Linda Holmes

Linda Holmes writes and edits NPR's entertainment and pop-culture blog, Monkey See. She has several elaborate theories involving pop culture and monkeys, all of which are available on request.

Holmes began her professional life as an attorney. In time, however, her affection for writing, popular culture and the online universe eclipsed her legal ambitions. She shoved her law degree in the back of the closet, gave its living-room space to DVD sets of The Wire and never looked back.

Holmes was a writer and editor at Television Without Pity, where she recapped several hundred hours of programming — including both High School Musical movies, for which she did not receive hazard pay. Since 2003, she has been a contributor to MSNBC.com, where she has written about books, movies, television and pop-culture miscellany.

Holmes' work has also appeared on Vulture (New York magazine's entertainment blog), in TV Guide and in many, many legal documents.

Sally Hawkins stars as a woman who doesn't speak in the new film The Shape Of Water. Writer-director Guillermo del Toro is highly regarded for films across a spectrum wide enough to encompass Pan's Labyrinth and Hellboy and Crimson Peak. But The Shape Of Water is a romantic fable told in soft greens and blues, which co-stars Octavia Spencer, Richard Jenkins, Michael Shannon, Doug Jones, and Michael Stuhlbarg. We invited self-described del Toro fangirl Neda Ulaby, of NPR's arts desk, to talk about it with us.

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One of the awards contenders that's emerging toward the end of this year is Three Billboards outside Ebbing, Missouri. It stars Frances McDormand as a woman named Mildred who sets up the billboards in question to demand action from local police to solve the murder of her daughter. But it slowly shifts focus until it's only partially about Mildred; it's also about the dryly funny family man (Woody Harrelson) who's the police chief and about a viciously racist officer (Sam Rockwell) who's been terrorizing the black population of the town.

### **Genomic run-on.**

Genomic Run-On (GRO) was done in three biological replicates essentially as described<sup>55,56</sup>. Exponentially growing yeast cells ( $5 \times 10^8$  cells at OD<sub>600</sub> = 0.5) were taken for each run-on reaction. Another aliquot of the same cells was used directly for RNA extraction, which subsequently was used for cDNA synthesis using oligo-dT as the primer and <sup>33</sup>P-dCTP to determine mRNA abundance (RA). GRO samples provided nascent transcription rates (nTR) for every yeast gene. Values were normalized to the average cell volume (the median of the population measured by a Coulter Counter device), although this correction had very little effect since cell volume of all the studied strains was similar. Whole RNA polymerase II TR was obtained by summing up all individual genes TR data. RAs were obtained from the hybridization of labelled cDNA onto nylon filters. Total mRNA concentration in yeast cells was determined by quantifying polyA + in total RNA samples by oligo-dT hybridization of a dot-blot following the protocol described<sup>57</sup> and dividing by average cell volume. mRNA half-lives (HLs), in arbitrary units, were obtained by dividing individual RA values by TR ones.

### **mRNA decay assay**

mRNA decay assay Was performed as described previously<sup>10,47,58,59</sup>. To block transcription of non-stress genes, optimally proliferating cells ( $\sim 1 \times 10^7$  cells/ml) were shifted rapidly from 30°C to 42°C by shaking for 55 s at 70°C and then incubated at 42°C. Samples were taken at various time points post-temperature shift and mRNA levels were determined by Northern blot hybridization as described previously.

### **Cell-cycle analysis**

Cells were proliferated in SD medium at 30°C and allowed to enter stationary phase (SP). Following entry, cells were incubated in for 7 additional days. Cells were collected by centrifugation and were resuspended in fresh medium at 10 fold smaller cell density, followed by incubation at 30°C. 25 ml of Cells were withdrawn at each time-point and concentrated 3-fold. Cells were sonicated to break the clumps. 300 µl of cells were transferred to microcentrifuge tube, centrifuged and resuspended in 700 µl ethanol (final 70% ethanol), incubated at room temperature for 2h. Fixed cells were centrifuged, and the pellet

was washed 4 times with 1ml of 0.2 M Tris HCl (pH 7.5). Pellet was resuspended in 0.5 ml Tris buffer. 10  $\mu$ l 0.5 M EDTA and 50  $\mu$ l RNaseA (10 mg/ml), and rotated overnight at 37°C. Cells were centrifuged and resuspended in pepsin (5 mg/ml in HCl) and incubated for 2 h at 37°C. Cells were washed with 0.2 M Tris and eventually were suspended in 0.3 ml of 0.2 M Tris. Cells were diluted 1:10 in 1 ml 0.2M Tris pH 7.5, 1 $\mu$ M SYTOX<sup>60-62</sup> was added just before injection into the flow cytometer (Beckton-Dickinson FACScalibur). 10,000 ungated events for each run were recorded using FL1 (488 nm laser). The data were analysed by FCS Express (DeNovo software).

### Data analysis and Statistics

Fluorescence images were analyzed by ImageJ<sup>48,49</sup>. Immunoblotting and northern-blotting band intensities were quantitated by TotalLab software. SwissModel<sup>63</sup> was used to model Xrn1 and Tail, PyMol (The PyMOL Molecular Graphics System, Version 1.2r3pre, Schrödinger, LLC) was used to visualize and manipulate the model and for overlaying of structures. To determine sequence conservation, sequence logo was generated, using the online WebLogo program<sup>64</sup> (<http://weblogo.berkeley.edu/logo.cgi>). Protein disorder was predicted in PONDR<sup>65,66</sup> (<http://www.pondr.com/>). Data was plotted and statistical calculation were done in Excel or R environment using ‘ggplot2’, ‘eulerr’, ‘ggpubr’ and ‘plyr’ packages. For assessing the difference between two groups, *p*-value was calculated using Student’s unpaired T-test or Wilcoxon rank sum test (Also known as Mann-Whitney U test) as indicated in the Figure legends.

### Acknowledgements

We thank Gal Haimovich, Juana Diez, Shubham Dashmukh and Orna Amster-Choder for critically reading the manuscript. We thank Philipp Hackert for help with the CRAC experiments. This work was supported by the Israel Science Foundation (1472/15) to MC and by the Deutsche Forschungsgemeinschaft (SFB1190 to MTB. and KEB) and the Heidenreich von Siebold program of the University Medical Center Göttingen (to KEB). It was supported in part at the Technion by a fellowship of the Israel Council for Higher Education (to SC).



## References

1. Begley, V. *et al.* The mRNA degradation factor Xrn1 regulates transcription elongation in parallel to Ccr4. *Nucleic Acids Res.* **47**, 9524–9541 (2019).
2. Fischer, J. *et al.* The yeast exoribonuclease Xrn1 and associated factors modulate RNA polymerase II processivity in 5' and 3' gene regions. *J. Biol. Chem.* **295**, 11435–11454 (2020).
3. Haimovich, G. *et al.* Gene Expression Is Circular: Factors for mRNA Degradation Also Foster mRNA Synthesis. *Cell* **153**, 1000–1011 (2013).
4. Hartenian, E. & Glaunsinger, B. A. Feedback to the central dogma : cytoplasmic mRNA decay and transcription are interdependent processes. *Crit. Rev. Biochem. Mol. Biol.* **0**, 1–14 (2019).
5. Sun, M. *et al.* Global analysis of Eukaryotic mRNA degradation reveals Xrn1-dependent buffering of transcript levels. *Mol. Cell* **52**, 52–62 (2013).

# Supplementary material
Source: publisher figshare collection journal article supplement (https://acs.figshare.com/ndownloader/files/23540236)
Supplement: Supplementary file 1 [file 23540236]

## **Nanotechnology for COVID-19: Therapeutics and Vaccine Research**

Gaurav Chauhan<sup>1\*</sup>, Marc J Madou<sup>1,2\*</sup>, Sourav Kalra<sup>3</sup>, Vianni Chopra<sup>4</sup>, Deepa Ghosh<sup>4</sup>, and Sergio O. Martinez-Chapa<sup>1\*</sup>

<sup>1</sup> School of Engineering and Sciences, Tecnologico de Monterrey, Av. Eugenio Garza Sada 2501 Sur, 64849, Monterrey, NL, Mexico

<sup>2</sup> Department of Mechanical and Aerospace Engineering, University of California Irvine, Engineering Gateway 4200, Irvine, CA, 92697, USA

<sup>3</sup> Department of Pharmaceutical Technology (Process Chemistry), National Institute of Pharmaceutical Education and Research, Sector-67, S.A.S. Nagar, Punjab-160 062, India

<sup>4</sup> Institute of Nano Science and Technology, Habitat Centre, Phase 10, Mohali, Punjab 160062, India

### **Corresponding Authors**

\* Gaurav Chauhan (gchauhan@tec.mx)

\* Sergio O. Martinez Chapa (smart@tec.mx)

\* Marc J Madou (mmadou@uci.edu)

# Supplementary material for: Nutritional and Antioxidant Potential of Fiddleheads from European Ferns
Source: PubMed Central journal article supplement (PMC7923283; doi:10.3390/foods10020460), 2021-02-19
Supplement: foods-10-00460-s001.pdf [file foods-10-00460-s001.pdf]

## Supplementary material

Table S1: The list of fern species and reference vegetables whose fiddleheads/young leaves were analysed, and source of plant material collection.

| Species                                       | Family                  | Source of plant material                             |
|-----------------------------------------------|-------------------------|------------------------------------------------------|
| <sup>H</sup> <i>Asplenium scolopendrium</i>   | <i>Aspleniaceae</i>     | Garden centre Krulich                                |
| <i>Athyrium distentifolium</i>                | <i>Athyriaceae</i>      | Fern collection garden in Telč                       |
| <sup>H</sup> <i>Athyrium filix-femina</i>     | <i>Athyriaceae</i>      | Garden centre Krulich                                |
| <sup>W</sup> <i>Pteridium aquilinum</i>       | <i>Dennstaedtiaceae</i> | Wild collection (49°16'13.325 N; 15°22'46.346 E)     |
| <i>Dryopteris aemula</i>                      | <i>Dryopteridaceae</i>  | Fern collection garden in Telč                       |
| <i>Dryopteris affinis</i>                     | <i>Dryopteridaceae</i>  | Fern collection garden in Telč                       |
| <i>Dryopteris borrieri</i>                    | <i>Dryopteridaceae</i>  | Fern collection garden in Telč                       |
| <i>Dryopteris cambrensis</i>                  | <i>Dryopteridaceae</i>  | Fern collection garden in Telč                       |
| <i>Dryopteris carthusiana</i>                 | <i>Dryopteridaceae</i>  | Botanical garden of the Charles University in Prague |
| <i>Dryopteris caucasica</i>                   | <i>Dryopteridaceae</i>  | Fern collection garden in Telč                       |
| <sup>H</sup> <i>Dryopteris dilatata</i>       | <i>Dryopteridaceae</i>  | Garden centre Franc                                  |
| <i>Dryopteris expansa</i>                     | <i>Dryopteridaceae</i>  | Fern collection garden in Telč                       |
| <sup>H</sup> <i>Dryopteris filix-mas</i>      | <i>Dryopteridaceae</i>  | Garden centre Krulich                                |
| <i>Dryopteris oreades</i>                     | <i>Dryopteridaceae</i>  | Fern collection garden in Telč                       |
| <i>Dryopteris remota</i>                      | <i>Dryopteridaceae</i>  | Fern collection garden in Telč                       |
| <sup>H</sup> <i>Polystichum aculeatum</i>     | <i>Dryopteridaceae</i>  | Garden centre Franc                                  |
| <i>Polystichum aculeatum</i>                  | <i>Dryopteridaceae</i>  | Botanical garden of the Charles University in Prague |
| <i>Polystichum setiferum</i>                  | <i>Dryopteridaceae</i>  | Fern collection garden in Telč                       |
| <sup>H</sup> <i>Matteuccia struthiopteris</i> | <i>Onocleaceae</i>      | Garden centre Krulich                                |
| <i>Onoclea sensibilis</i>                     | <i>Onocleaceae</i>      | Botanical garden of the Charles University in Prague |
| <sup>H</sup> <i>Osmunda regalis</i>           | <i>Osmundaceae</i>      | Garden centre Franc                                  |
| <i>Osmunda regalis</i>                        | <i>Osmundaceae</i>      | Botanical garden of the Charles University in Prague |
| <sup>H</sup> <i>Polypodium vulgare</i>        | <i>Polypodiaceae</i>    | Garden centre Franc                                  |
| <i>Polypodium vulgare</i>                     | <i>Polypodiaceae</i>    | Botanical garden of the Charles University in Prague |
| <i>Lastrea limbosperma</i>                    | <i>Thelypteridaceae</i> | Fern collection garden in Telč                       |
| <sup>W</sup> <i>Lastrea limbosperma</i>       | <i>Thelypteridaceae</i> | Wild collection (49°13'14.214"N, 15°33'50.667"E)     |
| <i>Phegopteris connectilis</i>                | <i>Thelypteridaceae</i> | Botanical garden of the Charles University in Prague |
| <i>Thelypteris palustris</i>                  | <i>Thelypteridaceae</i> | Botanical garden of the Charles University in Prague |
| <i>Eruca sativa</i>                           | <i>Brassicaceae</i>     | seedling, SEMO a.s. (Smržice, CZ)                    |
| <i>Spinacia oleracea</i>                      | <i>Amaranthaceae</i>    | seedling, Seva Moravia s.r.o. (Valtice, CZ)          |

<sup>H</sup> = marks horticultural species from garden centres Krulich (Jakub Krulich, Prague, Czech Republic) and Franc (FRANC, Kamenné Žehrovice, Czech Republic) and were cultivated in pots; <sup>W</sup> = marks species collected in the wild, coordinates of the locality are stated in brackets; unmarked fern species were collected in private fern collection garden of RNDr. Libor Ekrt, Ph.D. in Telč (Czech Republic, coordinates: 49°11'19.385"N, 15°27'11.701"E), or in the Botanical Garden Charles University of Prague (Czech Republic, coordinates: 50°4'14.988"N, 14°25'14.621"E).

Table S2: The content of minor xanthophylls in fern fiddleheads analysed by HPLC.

Pixar writes about a lot of critters — robots and bugs and toys and fish and so forth. But Coco is about, first and foremost, a kid. Twelve-year-old Miguel wants to be a musician, but his relatives are firmly against it because of a long family history nobody likes to talk about too much. Eventually, this sends him into the Land of the Dead on the holiday Dia de los Muertos.

ABC has followed up on the lessons of Modern Family with several successful and high-quality family comedies. One of them is Black-ish, the only network comedy other than Modern Family itself to land an Emmy nomination for Outstanding Comedy Series for both of the last two years.

This spring, we talked to Shereen Marisol Meraji, the co-host of the Code Switch podcast, about why she doesn't really like superhero films but was excited to see what director Taika Waititi did with Thor: Ragnarok. Shereen is a Waititi fan, having loved his work in the past, including the feature films Hunt For The Wilderpeople and What We Do In The Shadows.

It's safe to say John Hodgman is a favorite podcaster of those of us on Pop Culture Happy Hour. Both Glen Weldon and I have spoken of our fondness for his show Judge John Hodgman, and we were lucky enough to welcome him to our live show in Brooklyn in May of 2017.

A while ago, I heard a rumor that Tamara Keith — NPR White House correspondent and a core member of the NPR Politics Podcast team — enjoyed ABC's Shark Tank. This information was filed under "HUH," where I keep many interesting tidbits.

If you first saw Tom Hanks act in Bosom Buddies, you've been watching him for almost 40 years. He has two Oscars. He's played astronauts and soldiers and a widower sending up his voice like a signal flare. He's directed and produced and written films and TV projects, and now he's written a book of short stories, called Uncommon Type.

Whether you will enjoy a rebooted Dynasty depends on just how much of a gold-dusted plate of cheese curds you're ready for it to be — and need it to be.

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